On-premise and cloud computing – what is the difference, and what can cloud technology solutions do for you as a power utility?
Cloud-based software entails delivering hosted services via the internet. These services include servers, storage, databases, networking, software and analytics. Premise solutions are installed on a company’s premises servers and behind the firewall. What does this mean concerning the energy transition?
As utilities face the challenge of managing and analyzing increasing amounts of data, many are considering moving to the cloud to solve their data storage and computing needs. Even operational control is becoming possible in the cloud! With so many options on the market, it can take time to know which solution is the best fit for your organization. There is a range of viewpoints on the best approach. To be perfectly transparent, we think that cloud technology is the way of the future for most utilities, but before you dismiss us for our bias, have a read and let’s see if we can convince you:
Perspective 1: Cloud technology solutions are too risky
Critics of this perspective point out that the cloud introduces new security risks, such as the possibility of data breaches or loss of control over data. They may argue that utilities should use traditional in-house solutions to minimize these risks.
- Consideration: While true and possible, this is also the case for on-premise storage. Cloud providers have invested heavily in security measures to protect your data, giving you peace of mind and allowing you to focus on your core business.
Perspective 2: It depends on the specific needs of the utility
The decision to use cloud services should be made on a case-by-case basis depending on the specific needs and priorities of the utility. Data sovereignty, integration with existing systems, and contract terms are factors to consider.
- Consideration: As a utility, we agree that it is important to research to ensure cloud technology will suit your needs carefully. Things to look out for are:
- Integration: It’s vital to ensure that any cloud solution you choose will integrate seamlessly with your existing systems and processes.
- Data sovereignty: If data sovereignty is a concern for your organization, you’ll want to choose a cloud provider with data centers in your region that can meet your specific data sovereignty requirements. There are even hybrid cloud options available.
- Contract terms: Be sure to carefully review the terms of any contract with a cloud provider to ensure that it meets your needs and expectations.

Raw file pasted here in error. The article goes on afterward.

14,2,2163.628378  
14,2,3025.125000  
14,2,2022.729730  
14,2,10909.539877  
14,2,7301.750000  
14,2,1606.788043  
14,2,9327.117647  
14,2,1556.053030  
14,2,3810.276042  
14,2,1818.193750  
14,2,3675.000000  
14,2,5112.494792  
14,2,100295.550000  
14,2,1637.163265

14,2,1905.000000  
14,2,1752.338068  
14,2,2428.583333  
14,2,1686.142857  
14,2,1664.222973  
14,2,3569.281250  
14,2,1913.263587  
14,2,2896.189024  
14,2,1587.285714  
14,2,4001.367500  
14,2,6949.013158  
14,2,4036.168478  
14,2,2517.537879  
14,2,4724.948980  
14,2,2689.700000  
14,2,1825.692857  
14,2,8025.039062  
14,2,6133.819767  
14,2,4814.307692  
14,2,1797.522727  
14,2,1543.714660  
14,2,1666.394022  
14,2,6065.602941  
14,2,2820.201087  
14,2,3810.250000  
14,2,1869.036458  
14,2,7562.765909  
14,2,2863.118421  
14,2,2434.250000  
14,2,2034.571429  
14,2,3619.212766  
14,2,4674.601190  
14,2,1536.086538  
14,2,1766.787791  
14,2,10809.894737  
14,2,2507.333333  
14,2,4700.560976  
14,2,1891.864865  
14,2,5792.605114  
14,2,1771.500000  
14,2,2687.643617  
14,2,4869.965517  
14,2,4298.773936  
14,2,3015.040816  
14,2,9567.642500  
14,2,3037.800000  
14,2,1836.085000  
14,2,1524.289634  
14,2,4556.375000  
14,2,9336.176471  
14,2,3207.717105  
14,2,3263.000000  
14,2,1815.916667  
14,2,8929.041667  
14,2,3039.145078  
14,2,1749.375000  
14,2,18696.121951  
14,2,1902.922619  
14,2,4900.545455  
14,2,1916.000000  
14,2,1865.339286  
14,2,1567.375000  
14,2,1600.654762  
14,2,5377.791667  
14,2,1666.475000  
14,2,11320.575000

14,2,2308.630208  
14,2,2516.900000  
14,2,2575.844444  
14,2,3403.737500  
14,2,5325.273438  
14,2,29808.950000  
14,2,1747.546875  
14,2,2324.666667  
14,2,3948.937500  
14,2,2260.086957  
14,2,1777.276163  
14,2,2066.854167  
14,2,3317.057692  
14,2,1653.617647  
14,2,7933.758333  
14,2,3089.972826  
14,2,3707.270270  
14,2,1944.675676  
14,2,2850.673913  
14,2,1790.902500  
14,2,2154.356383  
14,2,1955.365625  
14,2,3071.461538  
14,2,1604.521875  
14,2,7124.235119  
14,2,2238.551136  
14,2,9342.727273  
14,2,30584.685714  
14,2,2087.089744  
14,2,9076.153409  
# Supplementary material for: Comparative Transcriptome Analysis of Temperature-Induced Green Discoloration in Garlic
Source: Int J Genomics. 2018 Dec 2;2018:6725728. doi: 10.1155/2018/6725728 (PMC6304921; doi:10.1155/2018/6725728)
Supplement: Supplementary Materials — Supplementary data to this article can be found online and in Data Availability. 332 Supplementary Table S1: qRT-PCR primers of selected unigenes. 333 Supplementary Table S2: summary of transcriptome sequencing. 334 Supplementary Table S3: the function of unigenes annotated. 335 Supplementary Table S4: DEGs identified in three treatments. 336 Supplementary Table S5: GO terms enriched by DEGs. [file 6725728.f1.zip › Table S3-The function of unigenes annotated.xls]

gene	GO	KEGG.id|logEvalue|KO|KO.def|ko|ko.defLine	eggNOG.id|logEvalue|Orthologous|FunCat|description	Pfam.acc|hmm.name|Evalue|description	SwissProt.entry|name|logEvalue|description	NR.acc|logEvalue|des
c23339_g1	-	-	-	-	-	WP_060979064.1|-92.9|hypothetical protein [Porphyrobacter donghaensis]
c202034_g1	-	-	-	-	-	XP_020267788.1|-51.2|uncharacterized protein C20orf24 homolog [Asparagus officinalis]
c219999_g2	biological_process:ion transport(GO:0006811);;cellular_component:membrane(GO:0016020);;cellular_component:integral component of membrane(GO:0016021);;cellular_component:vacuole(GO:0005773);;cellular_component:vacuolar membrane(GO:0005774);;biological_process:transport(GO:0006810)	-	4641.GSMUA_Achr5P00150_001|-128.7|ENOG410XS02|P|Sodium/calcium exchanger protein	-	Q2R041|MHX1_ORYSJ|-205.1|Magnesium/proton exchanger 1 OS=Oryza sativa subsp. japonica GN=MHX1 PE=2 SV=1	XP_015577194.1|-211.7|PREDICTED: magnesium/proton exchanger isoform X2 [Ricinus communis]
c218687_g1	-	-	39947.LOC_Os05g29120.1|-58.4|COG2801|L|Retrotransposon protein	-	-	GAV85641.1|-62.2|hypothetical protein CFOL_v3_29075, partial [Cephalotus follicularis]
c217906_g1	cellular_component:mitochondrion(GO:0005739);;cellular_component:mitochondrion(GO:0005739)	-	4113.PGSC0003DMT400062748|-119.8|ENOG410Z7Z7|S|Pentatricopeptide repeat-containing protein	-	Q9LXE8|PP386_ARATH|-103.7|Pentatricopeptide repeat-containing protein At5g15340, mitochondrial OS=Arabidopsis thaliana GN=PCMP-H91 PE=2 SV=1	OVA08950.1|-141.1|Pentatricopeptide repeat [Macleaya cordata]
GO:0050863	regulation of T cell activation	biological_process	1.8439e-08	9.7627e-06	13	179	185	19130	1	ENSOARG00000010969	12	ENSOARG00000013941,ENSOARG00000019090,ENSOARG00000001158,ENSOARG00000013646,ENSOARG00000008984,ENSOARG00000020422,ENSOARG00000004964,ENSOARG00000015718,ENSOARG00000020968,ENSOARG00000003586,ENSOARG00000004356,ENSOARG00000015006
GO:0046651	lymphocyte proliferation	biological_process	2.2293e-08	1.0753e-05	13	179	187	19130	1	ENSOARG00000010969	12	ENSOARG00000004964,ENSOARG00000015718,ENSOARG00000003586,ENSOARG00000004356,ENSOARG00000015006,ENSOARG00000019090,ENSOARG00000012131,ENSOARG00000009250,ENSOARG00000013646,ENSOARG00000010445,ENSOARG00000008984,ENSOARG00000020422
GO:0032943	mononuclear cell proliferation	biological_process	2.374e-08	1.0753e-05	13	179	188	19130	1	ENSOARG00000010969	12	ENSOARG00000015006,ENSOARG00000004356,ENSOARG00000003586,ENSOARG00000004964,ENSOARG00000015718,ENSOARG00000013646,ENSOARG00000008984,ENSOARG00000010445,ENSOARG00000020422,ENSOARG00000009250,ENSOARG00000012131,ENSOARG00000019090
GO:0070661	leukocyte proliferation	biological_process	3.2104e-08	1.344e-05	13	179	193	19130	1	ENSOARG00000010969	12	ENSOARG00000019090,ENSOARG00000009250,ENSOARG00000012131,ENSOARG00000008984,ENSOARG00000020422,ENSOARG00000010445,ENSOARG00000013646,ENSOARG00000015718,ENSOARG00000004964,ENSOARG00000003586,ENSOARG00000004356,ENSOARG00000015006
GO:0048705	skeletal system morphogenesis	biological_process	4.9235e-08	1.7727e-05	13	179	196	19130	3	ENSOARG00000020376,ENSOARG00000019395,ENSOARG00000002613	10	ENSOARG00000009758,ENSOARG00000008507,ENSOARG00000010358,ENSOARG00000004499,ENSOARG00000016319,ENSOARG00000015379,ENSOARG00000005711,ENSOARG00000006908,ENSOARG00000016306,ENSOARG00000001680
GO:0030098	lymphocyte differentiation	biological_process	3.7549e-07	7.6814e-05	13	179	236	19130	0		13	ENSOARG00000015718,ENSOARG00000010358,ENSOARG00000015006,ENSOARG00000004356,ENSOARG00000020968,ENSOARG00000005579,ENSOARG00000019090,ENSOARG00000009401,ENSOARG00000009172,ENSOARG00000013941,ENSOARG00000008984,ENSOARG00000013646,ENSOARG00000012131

Perspective 3: Cloud technology for operations is just a marketing gimmick.
Finally, some may view the cloud as a marketing gimmick, arguing that utilities should be skeptical of the hype and carefully evaluate cloud services’ actual costs and benefits.
- Consideration: With any new technology, there is bound to be pushback. Cloud technology solutions have been effectively used in adjacent industries for almost two decades, and its effectiveness in delivering at scale reliably and securely was proven in the 2010s. Utilities should take the time to explore before dismissing cloud technology based on this perspective.
Perspective 4: Cloud services are the way of the future.
Advocates of this perspective argue that cloud services offer several benefits over traditional in-house server solutions, including scalability, flexibility, security, and cost savings. They believe utilities should embrace the cloud as the best way to manage their data needs.
- We agree! Cloud services like Azure, AWS, and Google Cloud offer several advantages over traditional in-house server solutions, including:
- Scalability: Cloud services allow you to quickly scale up or down to meet your changing data needs -saving you time and money compared to building and maintaining your infrastructure.
- Flexibility: Cloud services offer a range of options for data storage, computing, and analytics, giving you the flexibility to choose the solution that best meets your needs.
- Security: Cloud providers have invested heavily in security measures to protect your data. This can give you peace of mind and allow you to focus on your core business.
- Cost savings: By leveraging the economies of scale of a cloud provider, you can often save money compared to building and maintaining your infrastructure. It also facilitates budget planning with steady operational fees, as cloud technology is paid for with subscription fees. It’s important to note that cloud infrastructure costs can be capitalized just like on-premise solutions.
In conclusion, the use of cloud technology solutions and how to move forward with the mass amounts of data utilities have is an important decision. It can be a complex and nuanced topic with valid points made from multiple perspectives, but many cloud vendors have proven solutions and architectures ready for utilities to leverage quickly and efficiently. As a utility, it’s essential to consider all of these viewpoints and carefully weigh the pros and cons of each when making a decision. In an era where data generation is increasing exponentially, cloud technology can serve as an attractive, scalable option to maximize data use and analytics. Leveraging cloud services like Azure, AWS, and Google Cloud can be a powerful way to solve your data storage and computing needs. However, smaller utilities and municipalities may continue operating with on-premise servers. Planning for the optimal outcome and determining what solution best suits your growth and plans is essential.
Awesense can deploy on-premise but is also cloud agnostic and can deploy across any cloud vendor. The Awesense solutions are available on AWS, Microsoft Azure, Google Cloud and IBM Cloud.
If you have questions regarding Awesense solutions and deployment, please do not hesitate to contact us.